(5) It does not mean that interpreting Scripture involves no necessary means for interpretation (and among these Turretin includes, at least for all cases not involving special divine intervention, "the voice and ministry of the church, lectures and commentaries, prayers and vigils").

So that's what it is not. What, then, is it? Turretin puts it this way: Scripture is understandable

(1) in matters necessary for salvation
(2) not with regard to the reader but with regard to Scripture itself
(3) in such a way that it can be read and understood salutarily without appeal to external traditions.

And he argues that this is true on the basis of

(1) Scriptural statements of lucidity;
(2) God's being the Father of lights;
(3) Scripture's purpose being to serve as canon and rule of faith and morals;
(4) The actual ease of understanding the basic message;
(5) Its function as a covenant or treaty between God and ourselves.

A very interesting discussion, and recommended for those who occasionally find themselves, willy-nilly, in sola-scriptura wars.

They Will Grow Like a Cedar of Lebanon

Yesterday was the feast of Youssef Antoun Makhlouf, a.k.a. St. Charbel, a.k.a. St. Sharbel, so here's a small something reposted in honor of the great modern hermit.


The cedars grow tall on the Liban hills
with life beyond grasp of human will;
light grows bright around muddy grave
of a hermit-saint who hid his face;
the heart is kissed by burning light
of cedar rising to sun and sky
and, flaming with fire that sears the night,
it burns but is not burned.

Thursday, July 24, 2008

Yet Another Book Meme

Bold means I've read it through; Italic means I've started it but not finished it. The claim going around with the list (the source is unknown to me) is that the average American has only read six of these. Despite the fact that a number of these are standard high school fare, I actually wouldn't be too surprised if that's true. You can see, incidentally, that two of the places in the Really Classic classics that I'm weak are Dickens and Tolstoy. (ht)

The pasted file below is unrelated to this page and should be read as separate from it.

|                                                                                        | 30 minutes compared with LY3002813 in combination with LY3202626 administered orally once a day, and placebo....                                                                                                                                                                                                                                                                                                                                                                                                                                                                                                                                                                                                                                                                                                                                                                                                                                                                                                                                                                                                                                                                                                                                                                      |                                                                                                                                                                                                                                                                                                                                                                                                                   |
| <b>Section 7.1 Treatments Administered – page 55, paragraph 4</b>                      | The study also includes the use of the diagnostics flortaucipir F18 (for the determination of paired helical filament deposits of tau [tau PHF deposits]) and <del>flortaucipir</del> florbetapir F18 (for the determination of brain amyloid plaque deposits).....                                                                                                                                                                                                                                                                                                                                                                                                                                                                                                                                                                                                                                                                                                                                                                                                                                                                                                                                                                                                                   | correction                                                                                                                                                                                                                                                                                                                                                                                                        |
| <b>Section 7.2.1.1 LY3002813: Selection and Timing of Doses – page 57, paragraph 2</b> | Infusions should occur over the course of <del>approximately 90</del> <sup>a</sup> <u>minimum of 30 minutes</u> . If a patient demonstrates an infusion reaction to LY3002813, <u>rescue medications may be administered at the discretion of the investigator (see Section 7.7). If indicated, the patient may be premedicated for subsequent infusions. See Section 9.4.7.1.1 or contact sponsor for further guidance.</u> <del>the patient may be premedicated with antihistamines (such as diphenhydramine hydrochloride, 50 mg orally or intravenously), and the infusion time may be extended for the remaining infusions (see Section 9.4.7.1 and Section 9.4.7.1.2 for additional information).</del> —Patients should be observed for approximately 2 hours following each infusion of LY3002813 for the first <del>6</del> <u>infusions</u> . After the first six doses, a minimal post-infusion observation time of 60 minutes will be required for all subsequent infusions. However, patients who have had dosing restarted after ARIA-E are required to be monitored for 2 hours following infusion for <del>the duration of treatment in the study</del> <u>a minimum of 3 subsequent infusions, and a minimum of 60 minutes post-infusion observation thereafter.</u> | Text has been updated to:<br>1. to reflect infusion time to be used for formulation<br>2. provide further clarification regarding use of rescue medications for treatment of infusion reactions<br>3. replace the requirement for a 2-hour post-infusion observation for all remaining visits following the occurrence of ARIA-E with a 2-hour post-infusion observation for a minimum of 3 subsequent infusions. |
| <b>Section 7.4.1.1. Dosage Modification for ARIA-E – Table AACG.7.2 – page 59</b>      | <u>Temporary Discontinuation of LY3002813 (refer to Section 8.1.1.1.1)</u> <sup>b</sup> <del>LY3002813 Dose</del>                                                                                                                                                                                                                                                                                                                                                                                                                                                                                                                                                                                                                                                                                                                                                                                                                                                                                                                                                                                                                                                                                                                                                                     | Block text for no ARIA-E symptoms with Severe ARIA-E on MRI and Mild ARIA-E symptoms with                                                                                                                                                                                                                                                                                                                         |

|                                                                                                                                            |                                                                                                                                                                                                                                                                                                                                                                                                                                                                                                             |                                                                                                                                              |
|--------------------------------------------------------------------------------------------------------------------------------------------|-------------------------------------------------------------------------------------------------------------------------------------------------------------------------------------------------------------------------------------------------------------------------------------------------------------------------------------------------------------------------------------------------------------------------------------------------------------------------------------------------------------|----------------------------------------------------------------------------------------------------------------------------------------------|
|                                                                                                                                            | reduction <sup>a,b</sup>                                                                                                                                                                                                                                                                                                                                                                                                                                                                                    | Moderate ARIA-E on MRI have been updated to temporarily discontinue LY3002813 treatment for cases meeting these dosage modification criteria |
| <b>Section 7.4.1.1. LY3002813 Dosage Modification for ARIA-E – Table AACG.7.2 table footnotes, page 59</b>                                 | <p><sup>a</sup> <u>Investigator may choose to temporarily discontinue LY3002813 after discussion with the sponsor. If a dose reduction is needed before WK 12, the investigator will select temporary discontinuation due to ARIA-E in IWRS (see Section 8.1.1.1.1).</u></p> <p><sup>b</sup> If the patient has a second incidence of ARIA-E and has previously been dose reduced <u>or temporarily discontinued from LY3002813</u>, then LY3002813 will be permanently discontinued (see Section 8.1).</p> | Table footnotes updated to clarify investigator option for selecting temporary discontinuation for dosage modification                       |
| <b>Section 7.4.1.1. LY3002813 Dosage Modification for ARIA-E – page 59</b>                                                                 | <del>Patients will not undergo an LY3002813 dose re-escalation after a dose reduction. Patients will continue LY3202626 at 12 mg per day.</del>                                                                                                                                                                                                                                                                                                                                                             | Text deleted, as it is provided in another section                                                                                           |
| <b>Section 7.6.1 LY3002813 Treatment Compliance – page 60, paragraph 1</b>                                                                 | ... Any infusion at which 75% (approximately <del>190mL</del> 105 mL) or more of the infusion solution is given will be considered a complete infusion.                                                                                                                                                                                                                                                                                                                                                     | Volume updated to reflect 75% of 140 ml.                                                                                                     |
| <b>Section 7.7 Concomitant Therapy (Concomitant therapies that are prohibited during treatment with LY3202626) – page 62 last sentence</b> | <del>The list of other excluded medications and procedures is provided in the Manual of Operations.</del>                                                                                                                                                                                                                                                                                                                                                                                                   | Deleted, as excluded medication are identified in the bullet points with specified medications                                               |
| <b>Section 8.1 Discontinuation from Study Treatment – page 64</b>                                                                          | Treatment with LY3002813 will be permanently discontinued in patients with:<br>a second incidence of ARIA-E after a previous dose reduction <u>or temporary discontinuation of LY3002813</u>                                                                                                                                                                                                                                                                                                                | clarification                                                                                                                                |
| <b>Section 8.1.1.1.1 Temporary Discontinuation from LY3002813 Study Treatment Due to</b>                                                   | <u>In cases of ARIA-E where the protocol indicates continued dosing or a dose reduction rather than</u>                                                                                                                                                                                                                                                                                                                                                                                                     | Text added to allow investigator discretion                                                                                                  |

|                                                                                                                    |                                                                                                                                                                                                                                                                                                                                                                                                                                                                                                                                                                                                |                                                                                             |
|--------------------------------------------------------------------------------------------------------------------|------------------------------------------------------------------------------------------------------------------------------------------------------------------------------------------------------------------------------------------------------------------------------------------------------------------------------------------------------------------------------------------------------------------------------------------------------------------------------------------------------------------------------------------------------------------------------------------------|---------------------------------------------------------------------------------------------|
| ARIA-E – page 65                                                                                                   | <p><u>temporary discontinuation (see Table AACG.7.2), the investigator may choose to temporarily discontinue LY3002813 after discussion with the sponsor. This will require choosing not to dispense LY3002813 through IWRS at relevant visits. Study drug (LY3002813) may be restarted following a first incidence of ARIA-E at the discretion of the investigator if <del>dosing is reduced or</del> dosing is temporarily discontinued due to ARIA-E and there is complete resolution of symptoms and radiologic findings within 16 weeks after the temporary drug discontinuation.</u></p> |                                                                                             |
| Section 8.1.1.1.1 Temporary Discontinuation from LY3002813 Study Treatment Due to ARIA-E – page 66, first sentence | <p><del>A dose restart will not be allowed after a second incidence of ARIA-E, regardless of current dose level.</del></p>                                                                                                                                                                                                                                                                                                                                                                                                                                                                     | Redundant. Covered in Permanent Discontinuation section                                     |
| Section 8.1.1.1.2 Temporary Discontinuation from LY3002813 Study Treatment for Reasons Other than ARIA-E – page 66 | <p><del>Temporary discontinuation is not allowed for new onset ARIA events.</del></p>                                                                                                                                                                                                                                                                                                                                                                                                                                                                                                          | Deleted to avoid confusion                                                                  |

1 Pride and Prejudice - Jane Austen
2 The Lord of the Rings - JRR Tolkien
3 Jane Eyre - Charlotte Bronte
4 Harry Potter series - JK Rowling
5 To Kill a Mockingbird - Harper Lee
6 The Bible
7 Wuthering Heights - Emily Bronte
8 Nineteen Eighty Four - George Orwell
9 His Dark Materials - Philip Pullman
10 Great Expectations - Charles Dickens
11 Little Women - Louisa M Alcott
12 Tess of the D'Urbervilles - Thomas Hardy
13 Catch 22 - Joseph Heller
14 Complete Works of Shakespeare
15 Rebecca - Daphne Du Maurier
16 The Hobbit - JRR Tolkien
17 Birdsong - Sebastian Faulks
18 Catcher in the Rye - JD Salinger
19 The Time Traveller's Wife - Audrey Niffenegger
20 Middlemarch - George Eliot
21 Gone With The Wind - Margaret Mitchell
22 The Great Gatsby - F Scott Fitzgerald
23 Bleak House - Charles Dickens
24 War and Peace - Leo Tolstoy
25 The Hitch Hiker's Guide to the Galaxy - Douglas Adams
26 Brideshead Revisited - Evelyn Waugh
27 Crime and Punishment - Fyodor Dostoyevsky
28 Grapes of Wrath - John Steinbeck
29 Alice in Wonderland - Lewis Carroll
30 The Wind in the Willows - Kenneth Grahame
31 Anna Karenina - Leo Tolstoy
32 David Copperfield - Charles Dickens
33 Chronicles of Narnia - CS Lewis
34 Emma - Jane Austen
35 Persuasion - Jane Austen
36 The Lion, The Witch and The Wardrobe - CS Lewis
37 The Kite Runner - Khaled Hosseini
38 Captain Corelli's Mandolin - Louis De Bernieres
39 Memoirs of a Geisha - Arthur Golden
40 Winnie the Pooh - AA Milne
41 Animal Farm - George Orwell
42 The Da Vinci Code - Dan Brown
43 One Hundred Years of Solitude - Gabriel Garcia Marquez
44 A Prayer for Owen Meany - John Irving
45 The Woman in White - Wilkie Collins
46 Anne of Green Gables - LM Montgomery
47 Far From The Madding Crowd - Thomas Hardy
48 The Handmaid's Tale - Margaret Atwood
49 Lord of the Flies - William Golding
50 Atonement - Ian McEwan
51 Life of Pi - Yann Martel
52 Dune - Frank Herbert
53 Cold Comfort Farm - Stella Gibbons
54 Sense and Sensibility - Jane Austen